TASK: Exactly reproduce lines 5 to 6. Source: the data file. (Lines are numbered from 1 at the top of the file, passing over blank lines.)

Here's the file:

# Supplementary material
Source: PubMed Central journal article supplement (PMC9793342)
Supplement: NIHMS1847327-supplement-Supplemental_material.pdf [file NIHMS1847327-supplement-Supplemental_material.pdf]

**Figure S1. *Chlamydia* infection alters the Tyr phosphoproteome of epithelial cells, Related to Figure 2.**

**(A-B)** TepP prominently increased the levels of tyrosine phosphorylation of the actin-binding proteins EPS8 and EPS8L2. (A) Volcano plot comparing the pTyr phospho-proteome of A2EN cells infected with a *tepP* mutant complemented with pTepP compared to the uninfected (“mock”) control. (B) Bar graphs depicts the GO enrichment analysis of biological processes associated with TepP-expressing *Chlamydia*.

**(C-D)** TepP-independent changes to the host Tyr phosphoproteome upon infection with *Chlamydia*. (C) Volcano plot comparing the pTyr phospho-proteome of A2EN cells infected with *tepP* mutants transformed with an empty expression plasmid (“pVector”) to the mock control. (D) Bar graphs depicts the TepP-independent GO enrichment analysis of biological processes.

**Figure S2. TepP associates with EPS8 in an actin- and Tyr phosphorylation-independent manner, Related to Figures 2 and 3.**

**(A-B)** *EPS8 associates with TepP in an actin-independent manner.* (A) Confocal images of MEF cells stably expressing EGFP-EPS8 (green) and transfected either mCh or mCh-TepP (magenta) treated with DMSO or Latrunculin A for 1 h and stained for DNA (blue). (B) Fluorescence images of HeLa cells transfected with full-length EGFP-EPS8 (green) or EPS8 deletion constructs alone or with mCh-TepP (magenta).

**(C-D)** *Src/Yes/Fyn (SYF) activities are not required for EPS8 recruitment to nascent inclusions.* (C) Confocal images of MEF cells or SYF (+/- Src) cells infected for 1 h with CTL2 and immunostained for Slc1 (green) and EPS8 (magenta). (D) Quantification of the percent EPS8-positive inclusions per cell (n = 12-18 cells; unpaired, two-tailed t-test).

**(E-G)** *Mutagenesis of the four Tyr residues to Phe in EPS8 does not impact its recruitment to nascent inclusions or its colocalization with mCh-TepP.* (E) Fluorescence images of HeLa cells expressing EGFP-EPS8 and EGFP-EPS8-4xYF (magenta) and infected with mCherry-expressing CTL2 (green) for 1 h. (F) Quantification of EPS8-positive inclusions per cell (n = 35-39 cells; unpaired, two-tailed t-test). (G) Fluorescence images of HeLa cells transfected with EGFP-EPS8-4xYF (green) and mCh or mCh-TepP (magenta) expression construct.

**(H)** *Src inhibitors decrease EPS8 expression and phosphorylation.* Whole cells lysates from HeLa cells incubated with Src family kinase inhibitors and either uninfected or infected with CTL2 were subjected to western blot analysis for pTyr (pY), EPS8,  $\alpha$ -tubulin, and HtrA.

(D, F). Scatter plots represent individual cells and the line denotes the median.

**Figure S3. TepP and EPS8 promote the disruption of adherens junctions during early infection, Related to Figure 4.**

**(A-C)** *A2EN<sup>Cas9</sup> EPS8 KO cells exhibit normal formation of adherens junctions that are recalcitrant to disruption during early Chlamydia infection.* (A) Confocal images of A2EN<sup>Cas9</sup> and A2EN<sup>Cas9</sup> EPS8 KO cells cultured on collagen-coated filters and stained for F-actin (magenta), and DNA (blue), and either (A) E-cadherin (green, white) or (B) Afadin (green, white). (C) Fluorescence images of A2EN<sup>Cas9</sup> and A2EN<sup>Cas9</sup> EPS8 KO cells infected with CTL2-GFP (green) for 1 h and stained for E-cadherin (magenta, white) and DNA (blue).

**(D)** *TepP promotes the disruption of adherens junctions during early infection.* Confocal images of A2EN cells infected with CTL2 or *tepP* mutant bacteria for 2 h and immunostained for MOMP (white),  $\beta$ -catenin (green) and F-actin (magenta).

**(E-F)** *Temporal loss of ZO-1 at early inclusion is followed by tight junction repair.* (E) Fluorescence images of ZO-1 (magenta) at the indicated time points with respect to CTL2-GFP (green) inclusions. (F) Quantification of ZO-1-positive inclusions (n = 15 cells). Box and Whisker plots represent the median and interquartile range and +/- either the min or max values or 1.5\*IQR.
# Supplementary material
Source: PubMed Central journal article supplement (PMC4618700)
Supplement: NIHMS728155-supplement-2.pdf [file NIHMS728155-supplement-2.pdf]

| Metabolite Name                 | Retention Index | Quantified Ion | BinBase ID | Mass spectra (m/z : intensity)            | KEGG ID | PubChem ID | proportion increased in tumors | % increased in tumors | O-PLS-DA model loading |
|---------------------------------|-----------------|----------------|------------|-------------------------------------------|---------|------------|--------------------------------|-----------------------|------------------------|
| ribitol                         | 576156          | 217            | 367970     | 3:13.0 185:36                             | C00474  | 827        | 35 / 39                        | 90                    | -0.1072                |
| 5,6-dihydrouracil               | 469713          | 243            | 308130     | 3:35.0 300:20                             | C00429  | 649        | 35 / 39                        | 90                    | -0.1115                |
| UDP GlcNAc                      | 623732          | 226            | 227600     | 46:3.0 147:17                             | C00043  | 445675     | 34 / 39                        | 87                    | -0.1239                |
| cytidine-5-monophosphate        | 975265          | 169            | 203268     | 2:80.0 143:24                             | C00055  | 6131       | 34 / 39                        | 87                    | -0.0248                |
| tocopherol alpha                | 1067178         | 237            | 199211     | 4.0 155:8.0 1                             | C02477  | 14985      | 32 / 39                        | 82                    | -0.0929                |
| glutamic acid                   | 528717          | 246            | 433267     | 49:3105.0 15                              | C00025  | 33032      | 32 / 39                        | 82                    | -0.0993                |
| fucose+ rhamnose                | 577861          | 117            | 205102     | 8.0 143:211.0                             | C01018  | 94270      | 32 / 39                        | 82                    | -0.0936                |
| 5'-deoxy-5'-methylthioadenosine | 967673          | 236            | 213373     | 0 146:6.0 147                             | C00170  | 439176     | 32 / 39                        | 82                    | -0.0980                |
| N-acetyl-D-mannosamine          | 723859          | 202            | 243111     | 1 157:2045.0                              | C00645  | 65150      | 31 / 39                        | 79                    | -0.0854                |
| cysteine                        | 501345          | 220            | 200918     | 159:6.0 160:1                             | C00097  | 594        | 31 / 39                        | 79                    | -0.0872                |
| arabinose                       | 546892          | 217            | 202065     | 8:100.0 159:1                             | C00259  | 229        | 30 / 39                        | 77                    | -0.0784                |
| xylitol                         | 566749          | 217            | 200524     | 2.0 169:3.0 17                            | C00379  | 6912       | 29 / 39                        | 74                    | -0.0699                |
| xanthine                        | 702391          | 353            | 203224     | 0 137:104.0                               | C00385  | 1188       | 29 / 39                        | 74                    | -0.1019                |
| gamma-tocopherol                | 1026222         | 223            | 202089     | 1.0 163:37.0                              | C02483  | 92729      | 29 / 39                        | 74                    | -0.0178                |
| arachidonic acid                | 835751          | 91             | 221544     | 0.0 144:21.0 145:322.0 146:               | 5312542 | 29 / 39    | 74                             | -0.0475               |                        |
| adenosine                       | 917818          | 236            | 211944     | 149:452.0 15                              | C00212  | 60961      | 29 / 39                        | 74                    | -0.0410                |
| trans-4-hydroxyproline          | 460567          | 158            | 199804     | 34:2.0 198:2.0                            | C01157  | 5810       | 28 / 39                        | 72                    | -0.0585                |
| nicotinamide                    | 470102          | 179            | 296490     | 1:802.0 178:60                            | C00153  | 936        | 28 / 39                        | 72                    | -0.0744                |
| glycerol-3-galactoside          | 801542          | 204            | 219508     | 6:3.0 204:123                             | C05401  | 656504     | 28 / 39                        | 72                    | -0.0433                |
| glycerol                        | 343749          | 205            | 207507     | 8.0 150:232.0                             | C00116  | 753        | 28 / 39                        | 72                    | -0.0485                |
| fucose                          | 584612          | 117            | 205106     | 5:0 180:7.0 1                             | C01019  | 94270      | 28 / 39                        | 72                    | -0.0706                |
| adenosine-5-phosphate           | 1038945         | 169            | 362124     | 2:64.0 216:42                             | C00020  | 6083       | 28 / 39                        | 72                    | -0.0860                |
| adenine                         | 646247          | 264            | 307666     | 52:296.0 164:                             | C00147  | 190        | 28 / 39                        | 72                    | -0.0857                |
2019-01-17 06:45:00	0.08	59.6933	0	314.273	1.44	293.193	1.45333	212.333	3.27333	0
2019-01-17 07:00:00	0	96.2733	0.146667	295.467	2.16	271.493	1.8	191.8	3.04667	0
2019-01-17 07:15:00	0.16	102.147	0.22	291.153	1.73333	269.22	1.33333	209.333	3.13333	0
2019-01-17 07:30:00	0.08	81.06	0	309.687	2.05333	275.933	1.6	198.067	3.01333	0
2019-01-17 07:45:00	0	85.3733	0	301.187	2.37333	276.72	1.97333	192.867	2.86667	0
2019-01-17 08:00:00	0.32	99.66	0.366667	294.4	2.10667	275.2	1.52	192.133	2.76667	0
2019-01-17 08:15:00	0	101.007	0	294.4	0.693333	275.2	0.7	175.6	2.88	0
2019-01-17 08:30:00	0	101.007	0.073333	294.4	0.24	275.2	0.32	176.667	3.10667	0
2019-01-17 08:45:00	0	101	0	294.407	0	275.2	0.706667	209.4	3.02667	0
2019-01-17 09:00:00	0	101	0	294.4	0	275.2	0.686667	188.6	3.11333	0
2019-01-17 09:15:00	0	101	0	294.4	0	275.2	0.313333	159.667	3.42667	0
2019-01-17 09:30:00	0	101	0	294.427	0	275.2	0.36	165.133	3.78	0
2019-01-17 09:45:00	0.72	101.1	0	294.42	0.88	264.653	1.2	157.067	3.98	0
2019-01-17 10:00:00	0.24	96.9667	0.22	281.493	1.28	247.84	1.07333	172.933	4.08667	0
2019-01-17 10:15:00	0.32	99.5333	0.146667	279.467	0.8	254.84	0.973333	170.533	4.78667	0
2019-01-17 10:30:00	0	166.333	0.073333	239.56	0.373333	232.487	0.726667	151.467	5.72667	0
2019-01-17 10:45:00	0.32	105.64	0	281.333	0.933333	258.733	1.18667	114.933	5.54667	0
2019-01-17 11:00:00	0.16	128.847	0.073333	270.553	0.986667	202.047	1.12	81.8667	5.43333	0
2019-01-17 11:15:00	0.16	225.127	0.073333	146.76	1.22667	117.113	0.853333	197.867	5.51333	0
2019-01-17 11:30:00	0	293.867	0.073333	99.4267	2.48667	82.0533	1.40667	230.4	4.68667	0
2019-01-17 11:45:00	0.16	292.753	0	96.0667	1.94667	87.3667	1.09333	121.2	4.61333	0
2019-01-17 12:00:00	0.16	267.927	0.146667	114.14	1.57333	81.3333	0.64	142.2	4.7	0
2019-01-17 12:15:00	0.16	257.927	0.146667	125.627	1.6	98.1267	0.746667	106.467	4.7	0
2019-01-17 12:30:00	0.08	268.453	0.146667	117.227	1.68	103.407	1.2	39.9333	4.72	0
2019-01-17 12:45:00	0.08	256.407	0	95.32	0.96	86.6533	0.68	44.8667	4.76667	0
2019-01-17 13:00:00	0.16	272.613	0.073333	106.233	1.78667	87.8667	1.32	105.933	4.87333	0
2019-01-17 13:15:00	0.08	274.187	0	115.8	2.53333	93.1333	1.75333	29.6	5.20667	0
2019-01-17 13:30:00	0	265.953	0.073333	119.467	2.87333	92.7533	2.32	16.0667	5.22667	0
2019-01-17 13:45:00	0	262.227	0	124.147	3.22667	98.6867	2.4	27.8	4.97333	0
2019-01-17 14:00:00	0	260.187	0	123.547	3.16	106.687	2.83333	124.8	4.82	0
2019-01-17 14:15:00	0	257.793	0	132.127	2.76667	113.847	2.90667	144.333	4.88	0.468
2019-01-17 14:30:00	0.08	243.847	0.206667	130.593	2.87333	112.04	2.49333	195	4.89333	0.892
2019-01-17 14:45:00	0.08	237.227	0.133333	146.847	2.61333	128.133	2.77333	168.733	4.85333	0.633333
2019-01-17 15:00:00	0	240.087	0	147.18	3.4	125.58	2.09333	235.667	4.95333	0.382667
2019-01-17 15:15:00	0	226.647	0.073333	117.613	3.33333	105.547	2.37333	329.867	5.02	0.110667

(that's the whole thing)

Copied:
**(A-B)** TepP prominently increased the levels of tyrosine phosphorylation of the actin-binding proteins EPS8 and EPS8L2. (A) Volcano plot comparing the pTyr phospho-proteome of A2EN cells infected with a *tepP* mutant complemented with pTepP compared to the uninfected (“mock”) control. (B) Bar graphs depicts the GO enrichment analysis of biological processes associated with TepP-expressing *Chlamydia*.

**(C-D)** TepP-independent changes to the host Tyr phosphoproteome upon infection with *Chlamydia*. (C) Volcano plot comparing the pTyr phospho-proteome of A2EN cells infected with *tepP* mutants transformed with an empty expression plasmid (“pVector”) to the mock control. (D) Bar graphs depicts the TepP-independent GO enrichment analysis of biological processes.